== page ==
Abstract: The microstructural approach to the exchange rate market claims that order flows on a currency can accurately reflect the short-run dynamics its exchange rate. In this paper, instead of focusing on order flows analysis we employ an alternative microstructural approach: we focus on investors' sentiment on a given exchange rate as a possible predictor of its future evolution. As a proxy of investors' sentiment we use StockTwits posts, a message board dedicated to finance. Within StockTwits investors are asked to explicitly state their market expectations. We collect daily data on the nominal exchange rate of four currencies against the U.S. dollar and the extracted market sentiment for the year 2013. Employing econometric and machine learning methodologies we develop models that forecast in out-of-sample exercise the future direction of the four exchange rates. Our empirical findings reject the Efficient Market Hypothesis even in its weak form for all four exchange rates. Overall, we find evidence that investors' sentiment as expressed in public message boards can be an additional source of information regarding the future directional movement of the exchange rates to the ones proposed by economic theory.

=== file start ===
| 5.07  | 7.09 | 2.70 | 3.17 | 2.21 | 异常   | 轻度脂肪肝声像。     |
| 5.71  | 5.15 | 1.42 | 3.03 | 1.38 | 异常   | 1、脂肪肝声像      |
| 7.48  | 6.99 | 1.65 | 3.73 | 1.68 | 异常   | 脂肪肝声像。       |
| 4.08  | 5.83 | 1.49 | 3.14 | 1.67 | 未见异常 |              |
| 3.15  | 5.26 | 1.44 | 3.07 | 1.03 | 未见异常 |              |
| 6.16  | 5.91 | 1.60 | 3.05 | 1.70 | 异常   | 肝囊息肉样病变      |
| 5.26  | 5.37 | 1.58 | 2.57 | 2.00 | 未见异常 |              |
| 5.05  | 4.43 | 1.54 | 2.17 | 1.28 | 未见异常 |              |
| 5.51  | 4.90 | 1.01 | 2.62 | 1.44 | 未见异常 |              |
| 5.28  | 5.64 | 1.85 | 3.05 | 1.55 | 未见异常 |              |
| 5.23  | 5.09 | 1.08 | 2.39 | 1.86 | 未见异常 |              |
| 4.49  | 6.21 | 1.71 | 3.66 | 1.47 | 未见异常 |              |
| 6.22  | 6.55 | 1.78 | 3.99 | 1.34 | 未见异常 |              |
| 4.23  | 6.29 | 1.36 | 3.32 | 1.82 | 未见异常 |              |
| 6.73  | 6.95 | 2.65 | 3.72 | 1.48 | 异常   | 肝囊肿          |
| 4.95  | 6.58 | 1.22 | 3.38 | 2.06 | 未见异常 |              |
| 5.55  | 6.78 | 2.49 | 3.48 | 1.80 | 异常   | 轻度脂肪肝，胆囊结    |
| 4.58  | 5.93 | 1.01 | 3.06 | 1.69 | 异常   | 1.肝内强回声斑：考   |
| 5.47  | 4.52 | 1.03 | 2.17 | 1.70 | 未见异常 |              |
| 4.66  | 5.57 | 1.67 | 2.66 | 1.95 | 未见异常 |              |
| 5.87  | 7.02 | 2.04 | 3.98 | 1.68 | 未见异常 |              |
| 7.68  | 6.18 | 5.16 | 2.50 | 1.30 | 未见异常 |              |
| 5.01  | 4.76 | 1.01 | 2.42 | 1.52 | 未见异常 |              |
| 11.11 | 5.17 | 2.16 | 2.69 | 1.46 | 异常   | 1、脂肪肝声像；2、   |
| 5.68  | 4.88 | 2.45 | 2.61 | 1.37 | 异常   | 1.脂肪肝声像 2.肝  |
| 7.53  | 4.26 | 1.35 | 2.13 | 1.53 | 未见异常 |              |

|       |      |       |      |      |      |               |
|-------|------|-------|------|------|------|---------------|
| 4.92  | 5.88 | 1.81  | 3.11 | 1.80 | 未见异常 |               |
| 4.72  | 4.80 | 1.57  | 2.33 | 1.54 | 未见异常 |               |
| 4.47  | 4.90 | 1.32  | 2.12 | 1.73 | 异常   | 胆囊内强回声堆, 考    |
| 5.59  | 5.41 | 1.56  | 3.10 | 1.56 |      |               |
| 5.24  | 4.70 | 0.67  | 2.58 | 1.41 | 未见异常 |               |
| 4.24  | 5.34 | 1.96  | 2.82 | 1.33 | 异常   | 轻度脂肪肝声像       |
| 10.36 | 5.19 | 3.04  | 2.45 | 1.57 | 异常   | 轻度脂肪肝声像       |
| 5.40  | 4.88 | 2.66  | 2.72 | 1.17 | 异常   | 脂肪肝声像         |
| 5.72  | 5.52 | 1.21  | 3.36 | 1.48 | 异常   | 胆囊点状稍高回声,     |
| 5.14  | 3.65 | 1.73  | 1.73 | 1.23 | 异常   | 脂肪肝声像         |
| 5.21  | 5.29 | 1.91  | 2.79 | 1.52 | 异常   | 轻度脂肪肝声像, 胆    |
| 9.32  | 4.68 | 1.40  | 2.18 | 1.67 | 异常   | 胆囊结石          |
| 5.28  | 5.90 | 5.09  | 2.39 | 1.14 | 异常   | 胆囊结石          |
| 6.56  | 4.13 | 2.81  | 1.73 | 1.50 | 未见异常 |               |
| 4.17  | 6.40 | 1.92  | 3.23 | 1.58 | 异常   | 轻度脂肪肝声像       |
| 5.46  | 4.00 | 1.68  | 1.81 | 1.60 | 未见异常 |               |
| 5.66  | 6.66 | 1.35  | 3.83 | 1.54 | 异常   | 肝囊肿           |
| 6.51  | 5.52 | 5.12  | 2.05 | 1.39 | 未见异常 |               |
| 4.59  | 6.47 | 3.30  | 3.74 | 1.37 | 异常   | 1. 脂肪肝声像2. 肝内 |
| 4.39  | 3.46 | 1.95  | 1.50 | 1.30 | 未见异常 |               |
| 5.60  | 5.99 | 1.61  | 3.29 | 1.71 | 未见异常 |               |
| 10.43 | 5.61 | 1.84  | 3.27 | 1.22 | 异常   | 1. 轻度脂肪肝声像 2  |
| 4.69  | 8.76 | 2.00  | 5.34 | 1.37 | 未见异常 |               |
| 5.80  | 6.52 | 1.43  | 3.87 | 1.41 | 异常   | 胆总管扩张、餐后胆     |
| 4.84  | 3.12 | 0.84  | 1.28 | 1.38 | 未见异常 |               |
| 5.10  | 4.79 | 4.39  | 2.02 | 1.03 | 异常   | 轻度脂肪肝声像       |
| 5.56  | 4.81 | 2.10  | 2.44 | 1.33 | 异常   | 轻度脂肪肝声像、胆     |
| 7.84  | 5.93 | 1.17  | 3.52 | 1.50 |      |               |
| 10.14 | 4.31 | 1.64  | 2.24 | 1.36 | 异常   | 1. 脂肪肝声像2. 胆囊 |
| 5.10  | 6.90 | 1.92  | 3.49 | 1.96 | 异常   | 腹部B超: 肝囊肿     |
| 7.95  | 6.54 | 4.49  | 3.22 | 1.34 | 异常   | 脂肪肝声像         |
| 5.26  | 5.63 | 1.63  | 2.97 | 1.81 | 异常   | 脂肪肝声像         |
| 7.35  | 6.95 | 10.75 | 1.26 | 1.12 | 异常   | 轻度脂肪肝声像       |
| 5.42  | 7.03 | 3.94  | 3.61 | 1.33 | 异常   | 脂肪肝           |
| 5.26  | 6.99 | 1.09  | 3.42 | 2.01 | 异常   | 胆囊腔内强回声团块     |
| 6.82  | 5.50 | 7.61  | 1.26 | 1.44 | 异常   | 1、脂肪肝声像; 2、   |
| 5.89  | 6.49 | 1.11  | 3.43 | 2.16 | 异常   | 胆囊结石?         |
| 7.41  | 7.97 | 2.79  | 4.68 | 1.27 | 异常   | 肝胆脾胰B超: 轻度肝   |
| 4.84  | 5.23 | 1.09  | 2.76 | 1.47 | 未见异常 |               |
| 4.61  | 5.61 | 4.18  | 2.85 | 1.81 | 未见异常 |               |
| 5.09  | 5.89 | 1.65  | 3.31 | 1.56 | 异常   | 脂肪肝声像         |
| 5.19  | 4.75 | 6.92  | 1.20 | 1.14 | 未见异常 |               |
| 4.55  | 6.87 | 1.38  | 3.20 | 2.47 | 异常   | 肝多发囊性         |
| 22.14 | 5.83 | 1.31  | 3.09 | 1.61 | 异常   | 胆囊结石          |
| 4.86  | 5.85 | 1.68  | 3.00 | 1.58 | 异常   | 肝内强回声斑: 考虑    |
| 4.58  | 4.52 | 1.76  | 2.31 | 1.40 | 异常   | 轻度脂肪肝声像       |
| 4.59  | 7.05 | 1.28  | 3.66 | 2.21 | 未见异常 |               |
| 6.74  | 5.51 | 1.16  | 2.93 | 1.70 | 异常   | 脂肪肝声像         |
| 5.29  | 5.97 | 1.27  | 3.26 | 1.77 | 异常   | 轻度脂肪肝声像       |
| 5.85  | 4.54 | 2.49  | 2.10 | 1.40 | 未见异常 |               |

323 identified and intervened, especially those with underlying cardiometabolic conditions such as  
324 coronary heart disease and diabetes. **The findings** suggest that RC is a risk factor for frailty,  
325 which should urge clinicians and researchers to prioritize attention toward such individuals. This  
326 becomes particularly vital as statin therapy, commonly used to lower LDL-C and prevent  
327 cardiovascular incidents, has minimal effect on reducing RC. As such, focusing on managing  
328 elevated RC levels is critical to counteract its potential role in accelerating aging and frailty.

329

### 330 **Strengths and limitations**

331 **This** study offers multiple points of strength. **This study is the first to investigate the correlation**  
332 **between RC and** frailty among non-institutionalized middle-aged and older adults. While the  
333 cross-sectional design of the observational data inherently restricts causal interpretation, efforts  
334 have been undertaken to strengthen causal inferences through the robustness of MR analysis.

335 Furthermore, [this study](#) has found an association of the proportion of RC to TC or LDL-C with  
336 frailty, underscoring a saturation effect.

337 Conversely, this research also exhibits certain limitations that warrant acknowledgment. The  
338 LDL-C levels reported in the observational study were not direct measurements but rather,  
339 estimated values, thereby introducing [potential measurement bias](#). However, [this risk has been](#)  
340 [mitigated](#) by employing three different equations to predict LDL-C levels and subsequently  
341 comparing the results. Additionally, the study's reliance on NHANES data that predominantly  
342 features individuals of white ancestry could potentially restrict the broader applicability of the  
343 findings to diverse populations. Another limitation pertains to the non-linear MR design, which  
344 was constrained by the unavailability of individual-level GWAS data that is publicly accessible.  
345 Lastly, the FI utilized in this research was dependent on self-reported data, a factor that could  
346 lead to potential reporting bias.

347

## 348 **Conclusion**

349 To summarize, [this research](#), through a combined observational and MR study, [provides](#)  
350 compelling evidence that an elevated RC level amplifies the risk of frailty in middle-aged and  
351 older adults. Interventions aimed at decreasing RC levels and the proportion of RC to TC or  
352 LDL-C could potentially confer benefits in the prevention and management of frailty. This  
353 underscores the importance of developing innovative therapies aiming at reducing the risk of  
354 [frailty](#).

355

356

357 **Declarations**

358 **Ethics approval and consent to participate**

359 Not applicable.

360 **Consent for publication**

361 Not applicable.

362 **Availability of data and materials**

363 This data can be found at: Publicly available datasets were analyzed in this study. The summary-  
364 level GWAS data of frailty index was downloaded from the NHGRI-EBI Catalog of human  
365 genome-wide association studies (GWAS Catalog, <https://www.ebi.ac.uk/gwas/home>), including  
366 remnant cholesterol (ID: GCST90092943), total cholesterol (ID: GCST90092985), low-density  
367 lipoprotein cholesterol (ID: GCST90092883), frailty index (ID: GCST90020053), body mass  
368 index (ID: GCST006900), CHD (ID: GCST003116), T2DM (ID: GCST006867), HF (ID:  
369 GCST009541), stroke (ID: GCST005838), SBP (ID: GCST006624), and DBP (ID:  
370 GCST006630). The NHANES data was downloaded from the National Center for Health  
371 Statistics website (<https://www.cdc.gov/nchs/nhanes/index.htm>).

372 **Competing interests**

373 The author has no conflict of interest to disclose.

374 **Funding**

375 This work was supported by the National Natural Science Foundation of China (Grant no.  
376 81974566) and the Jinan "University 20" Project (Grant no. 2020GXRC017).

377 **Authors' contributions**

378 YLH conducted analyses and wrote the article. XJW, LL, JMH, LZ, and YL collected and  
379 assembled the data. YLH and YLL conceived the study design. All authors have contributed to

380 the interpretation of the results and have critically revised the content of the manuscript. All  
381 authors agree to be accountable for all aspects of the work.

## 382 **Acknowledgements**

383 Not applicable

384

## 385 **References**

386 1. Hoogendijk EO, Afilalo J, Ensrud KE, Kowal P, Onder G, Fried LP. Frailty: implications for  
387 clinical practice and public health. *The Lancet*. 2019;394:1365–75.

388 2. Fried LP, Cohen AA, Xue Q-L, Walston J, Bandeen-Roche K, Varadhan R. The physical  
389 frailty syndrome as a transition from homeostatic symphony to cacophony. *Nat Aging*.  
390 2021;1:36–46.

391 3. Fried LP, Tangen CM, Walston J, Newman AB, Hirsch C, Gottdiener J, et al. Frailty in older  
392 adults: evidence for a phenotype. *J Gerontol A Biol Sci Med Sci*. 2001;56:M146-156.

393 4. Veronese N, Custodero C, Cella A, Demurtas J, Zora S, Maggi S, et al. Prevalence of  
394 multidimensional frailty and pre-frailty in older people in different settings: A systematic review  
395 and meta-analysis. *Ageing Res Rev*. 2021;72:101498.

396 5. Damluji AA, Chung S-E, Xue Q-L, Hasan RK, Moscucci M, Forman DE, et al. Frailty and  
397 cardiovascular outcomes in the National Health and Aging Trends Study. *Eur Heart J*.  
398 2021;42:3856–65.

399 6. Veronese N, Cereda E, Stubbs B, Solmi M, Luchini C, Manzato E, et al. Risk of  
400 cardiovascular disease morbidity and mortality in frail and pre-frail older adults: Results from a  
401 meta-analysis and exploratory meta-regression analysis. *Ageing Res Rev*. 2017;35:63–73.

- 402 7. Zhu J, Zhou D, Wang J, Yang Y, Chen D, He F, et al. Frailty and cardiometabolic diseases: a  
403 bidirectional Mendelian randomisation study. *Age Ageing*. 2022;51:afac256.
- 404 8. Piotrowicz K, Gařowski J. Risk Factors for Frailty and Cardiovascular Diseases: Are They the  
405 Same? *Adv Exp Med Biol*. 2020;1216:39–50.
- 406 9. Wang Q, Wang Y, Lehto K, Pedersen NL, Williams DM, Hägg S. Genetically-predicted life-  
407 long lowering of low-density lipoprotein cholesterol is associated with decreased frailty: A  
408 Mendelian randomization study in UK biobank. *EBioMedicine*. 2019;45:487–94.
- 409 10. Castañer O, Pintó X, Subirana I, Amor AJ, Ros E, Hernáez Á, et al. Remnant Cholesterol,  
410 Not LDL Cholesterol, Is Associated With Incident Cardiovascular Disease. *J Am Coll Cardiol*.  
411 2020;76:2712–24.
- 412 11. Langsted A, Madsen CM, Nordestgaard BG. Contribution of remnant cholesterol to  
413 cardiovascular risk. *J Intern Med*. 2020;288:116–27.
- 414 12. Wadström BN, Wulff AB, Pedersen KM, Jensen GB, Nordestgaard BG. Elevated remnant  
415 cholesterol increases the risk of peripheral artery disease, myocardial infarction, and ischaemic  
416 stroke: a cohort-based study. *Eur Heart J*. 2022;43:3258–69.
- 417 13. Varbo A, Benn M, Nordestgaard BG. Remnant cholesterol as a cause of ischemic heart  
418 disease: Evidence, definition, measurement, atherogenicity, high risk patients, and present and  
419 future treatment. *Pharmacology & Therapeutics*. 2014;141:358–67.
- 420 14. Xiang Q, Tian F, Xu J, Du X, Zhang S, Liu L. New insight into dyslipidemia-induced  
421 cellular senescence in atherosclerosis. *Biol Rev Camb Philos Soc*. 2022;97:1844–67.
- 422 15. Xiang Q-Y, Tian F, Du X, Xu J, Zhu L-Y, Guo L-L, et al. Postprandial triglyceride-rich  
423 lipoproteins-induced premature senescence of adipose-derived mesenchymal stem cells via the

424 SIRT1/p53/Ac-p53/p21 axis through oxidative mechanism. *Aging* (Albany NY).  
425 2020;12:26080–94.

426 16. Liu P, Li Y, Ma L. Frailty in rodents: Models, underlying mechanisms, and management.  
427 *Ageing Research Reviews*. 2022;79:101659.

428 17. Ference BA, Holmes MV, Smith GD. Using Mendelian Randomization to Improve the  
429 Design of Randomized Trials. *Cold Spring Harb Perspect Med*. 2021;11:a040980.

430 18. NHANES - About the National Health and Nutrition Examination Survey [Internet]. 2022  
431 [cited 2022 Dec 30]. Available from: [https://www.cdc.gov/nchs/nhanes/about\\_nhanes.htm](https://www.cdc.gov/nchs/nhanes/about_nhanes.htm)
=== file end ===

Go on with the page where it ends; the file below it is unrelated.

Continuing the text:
Date: 2014–11
  12. By: Andreou, Elena; Ghysels, Eric
    Abstract: This paper presents an innovative approach to extracting factors which are shown to predict the VIX, the S&P 500 Realized Volatility and the Variance Risk Premium. The approach is innovative along two different dimensions, namely: (1) we extract factors from panels of filtered volatilities - in particular large panels of univariate financial asset ARCH-type models and (2) we price equity volatility risk using factors which go beyond the equity class. These are volatility factors extracted from panels of volatilities of short-term funding and long-run corporate spreads as well as volatilities of energy and metals commodities returns and sport/future spreads.
    Keywords: ARCH filters; Factor asset pricing models
    JEL: C2 C5 G1
    Date: 2014–11
  13. By: Asgharian, Hossein (Department of Economics, Lund University); Sikström, Sverker (Department of Psychology, Lund University)
    Abstract: Current models for predicting volatility do not incorporate information flow and are solely based on historical volatilities. We suggest a method to quantify the semantic content of words in news articles about a company and use this as a predictor of its stock volatility. The results show that future stock volatility is better predicted by our method than the conventional models. We also analyze the functional role of text in media either as a passive documentation of past information flow or as an active source for new information influencing future volatility. Our data suggest that semantic content may take both roles.
    Keywords: volatility; information flow; latent semantic analysis; GARCH
    JEL: G19
    Date: 2014–11–20